Gold 2008 reported the combined results of three RCTs retrospectively, using women from one of the randomisation arms in each of the contributing studies. Women with cervical cancer who had negative para-aortic lymph nodes as identified by pre-treatment surgical staging were compared with those who had radiographic exclusion of para-aortic lymph node metastases before they received treatment with pelvic radiation and brachytherapy plus cisplatin-based chemotherapy. The women were pooled from three Gynecologic Oncology Group (GOG) RCTs (Lanciano 2005; Rose 1999; Whitney 1999). GOG 85 (Rose 1999) was a randomised trial of radiotherapy in combination with three concurrent chemotherapy regimens; cisplatin alone; cisplatin, fluorouracil, and hydroxyurea; and hydroxyurea alone; in women with locally advanced cervical cancer. All women were required to have undergone extraperitoneal para-aortic lymphadenectomy. GOG 120 (Whitney 1999) compared primary radiotherapy plus hydroxyurea versus irradiation plus fluorouracil and cisplatin for women with locally advanced cervical carcinoma. All women underwent para-aortic lymphadenectomy via a retroperitoneal approach. GOG 165 (Lanciano 2005) was a comparison of weekly cisplatin or protracted venous infusion of fluorouracil in combination with pelvic radiation for women with advanced cervical cancer. Surgical para-aortic lymph node assessment was optional, no information was given by the authors on how women were selected for surgical nodal assessment. The Gold 2008study analysed data from 685 women; 177 from GOG 85 in the radiotherapy and cisplatin plus 5-fluorouracil arm; 176 from GOG 120 in the radiotherapy and cisplatin arm or radiotherapy and cisplatin with 5-fluorouracil plus hydroxyurea arm; and 159 from GOG 165 in the radiotherapy plus cisplatin arm. Staging was completed surgically in 555 women (including 29 women on GOG 165 in which the procedure was optional) and radiographically in 130 women. Women in the radiological assessment group had better performance status (P value < 0.01), less advanced stage (P value = 0.023), and smaller tumour size (P value = 0.004) compared with those in the surgical assessment group. Women with stage III and IV disease in the surgical group had better four-year PFS (48.9% versus 36.3%) and OS (54.3% versus 40%) compared with those in the radiological group. Actual numbers for the survival data were not reported. Overall, those in the radiological evaluation group had a poorer prognosis than those in the surgical assessment group; the HR for disease progression was 1.35 (95% CI 1.01 to 1.81) and the HR for death was 1.46 (95% CI 1.08 to 1.99). However, as women were not randomised in terms of surgical para-aortic lymph node assessment, selection bias is likely to be a significant problem and therefore the validity of these results in respect to the objectives of this review is low.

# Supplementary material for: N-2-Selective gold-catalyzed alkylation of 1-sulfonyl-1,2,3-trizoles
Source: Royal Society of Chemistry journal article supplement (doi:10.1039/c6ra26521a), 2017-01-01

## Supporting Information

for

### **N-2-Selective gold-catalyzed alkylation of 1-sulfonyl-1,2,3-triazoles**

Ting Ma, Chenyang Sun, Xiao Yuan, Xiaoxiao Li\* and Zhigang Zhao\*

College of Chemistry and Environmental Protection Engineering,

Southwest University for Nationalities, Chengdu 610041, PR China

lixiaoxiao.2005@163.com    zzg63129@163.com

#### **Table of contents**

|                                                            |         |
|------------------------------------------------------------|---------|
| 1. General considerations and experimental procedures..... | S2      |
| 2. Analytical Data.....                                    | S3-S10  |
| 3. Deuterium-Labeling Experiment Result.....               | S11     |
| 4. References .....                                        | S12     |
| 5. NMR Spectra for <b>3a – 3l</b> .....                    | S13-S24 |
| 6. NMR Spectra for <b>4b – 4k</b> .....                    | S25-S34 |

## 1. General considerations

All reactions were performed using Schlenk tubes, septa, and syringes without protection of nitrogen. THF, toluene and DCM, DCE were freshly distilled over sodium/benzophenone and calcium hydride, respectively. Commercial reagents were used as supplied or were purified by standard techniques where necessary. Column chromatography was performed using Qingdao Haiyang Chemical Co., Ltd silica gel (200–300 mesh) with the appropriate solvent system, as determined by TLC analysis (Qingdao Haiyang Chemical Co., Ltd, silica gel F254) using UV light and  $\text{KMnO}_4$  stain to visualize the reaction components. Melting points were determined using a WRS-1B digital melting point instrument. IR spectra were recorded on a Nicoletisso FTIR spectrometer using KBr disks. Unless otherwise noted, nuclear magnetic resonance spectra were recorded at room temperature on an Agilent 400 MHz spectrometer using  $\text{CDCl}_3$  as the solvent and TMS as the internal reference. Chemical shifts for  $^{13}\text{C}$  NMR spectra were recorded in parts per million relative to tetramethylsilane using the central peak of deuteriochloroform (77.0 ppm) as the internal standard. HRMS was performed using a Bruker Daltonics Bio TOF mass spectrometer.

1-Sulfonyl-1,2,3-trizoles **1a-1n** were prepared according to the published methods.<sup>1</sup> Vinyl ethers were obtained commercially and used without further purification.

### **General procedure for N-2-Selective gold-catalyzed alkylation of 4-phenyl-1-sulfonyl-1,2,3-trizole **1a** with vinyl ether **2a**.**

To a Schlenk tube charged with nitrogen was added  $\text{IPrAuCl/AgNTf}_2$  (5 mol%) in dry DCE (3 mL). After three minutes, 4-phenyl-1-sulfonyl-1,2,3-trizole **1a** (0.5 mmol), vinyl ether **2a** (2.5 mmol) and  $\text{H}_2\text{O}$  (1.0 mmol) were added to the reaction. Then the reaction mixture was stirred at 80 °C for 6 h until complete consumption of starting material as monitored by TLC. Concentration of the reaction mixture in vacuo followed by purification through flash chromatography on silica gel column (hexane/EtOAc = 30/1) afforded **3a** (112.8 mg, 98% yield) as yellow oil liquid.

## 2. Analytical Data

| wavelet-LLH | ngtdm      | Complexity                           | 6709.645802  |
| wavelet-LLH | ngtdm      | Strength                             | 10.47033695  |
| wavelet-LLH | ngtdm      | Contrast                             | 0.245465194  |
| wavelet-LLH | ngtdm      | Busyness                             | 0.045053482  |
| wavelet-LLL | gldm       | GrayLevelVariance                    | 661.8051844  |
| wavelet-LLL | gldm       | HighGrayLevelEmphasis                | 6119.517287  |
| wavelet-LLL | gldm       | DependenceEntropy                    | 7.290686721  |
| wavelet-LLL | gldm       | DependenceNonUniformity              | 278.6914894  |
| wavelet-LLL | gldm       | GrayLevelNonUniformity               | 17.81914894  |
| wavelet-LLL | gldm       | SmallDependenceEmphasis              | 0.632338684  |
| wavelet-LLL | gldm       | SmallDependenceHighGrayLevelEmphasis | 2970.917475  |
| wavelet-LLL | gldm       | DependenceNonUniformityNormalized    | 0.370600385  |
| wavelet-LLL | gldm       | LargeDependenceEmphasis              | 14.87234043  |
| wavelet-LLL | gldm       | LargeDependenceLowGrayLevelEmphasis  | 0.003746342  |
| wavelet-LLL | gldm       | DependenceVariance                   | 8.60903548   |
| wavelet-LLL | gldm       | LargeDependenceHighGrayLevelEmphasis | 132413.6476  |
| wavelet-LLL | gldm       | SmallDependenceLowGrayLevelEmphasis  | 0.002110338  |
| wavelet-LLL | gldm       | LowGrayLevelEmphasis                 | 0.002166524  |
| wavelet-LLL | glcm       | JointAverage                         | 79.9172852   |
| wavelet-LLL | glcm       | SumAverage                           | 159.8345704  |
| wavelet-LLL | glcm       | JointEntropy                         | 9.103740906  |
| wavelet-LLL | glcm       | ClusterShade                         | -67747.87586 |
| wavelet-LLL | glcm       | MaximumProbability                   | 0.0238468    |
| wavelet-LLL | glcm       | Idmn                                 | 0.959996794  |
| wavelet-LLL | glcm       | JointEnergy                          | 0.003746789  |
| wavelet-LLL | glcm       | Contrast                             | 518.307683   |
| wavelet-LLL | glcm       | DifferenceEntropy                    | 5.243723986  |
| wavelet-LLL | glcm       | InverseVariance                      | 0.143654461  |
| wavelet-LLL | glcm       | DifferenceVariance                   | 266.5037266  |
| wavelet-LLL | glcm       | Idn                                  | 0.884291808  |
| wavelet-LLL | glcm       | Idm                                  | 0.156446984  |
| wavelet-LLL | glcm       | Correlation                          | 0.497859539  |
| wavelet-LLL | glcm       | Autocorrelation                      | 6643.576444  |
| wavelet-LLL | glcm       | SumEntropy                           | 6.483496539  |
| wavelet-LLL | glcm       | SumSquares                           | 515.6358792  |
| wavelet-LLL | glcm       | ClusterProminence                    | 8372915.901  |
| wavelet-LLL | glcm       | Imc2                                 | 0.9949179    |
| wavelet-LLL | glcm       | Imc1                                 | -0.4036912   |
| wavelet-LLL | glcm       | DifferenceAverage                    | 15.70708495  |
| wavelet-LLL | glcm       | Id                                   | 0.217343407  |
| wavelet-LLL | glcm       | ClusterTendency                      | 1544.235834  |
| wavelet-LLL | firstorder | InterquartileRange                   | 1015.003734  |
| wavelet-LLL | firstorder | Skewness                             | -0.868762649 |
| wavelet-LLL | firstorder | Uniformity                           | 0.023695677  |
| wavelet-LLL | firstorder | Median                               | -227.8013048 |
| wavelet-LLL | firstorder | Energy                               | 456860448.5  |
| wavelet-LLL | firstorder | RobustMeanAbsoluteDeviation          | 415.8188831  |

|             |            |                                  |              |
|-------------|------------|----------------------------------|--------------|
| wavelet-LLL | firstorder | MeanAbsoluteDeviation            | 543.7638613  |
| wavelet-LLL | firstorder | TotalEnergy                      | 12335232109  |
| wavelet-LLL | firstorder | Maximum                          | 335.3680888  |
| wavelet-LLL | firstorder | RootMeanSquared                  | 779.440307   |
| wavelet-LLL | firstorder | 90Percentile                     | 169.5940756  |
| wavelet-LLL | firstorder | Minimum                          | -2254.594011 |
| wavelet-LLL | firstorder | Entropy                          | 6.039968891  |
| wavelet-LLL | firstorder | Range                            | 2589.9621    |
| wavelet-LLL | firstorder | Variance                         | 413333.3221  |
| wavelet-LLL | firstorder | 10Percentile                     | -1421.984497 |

The non-RCT published data, as discussed above, suggests that laparoscopic pre-treatment staging and assessment of para-aortic lymph nodes in locally advanced cervical cancer is more accurate than currently available imaging modalities. It is safe with low intra- and postoperative morbidity; evidence suggests that the laparoscopic approach can eliminate major postoperative complications, with an overall complication rate for laparoscopic staging less than 3% compared to 10% to 15% following transperitoneal laparotomy (Hertel 2002; LaPolla 1986; Leblanc 2007; Sonoda 2003). However, the included RCT in this review did not find any significant difference in the postoperative morbidity between these two techniques. The laparoscopic approach results in fewer postoperative adhesion formation, and therefore less bowel-related complications if the woman goes on to receive extended-field radiotherapy compared to transperitoneal laparotomy. Laparoscopic staging appears to be comparable to laparotomy techniques in terms of node count and results in treatment modification 22% to 58% of the time (Goff 1999; Hertel 2002; Lai 2003; Leblanc 2007). Complete debulking of involved para-aortic lymph nodes appears to translate into a survival advantage compared to when no nodal debulking is performed. Surgical pre-treatment assessment of para-aortic lymph nodes in locally advanced cervical cancer results in treatment modifications for 22% to 58% of women; although it is not confirmed that this results in a positive impact on survival.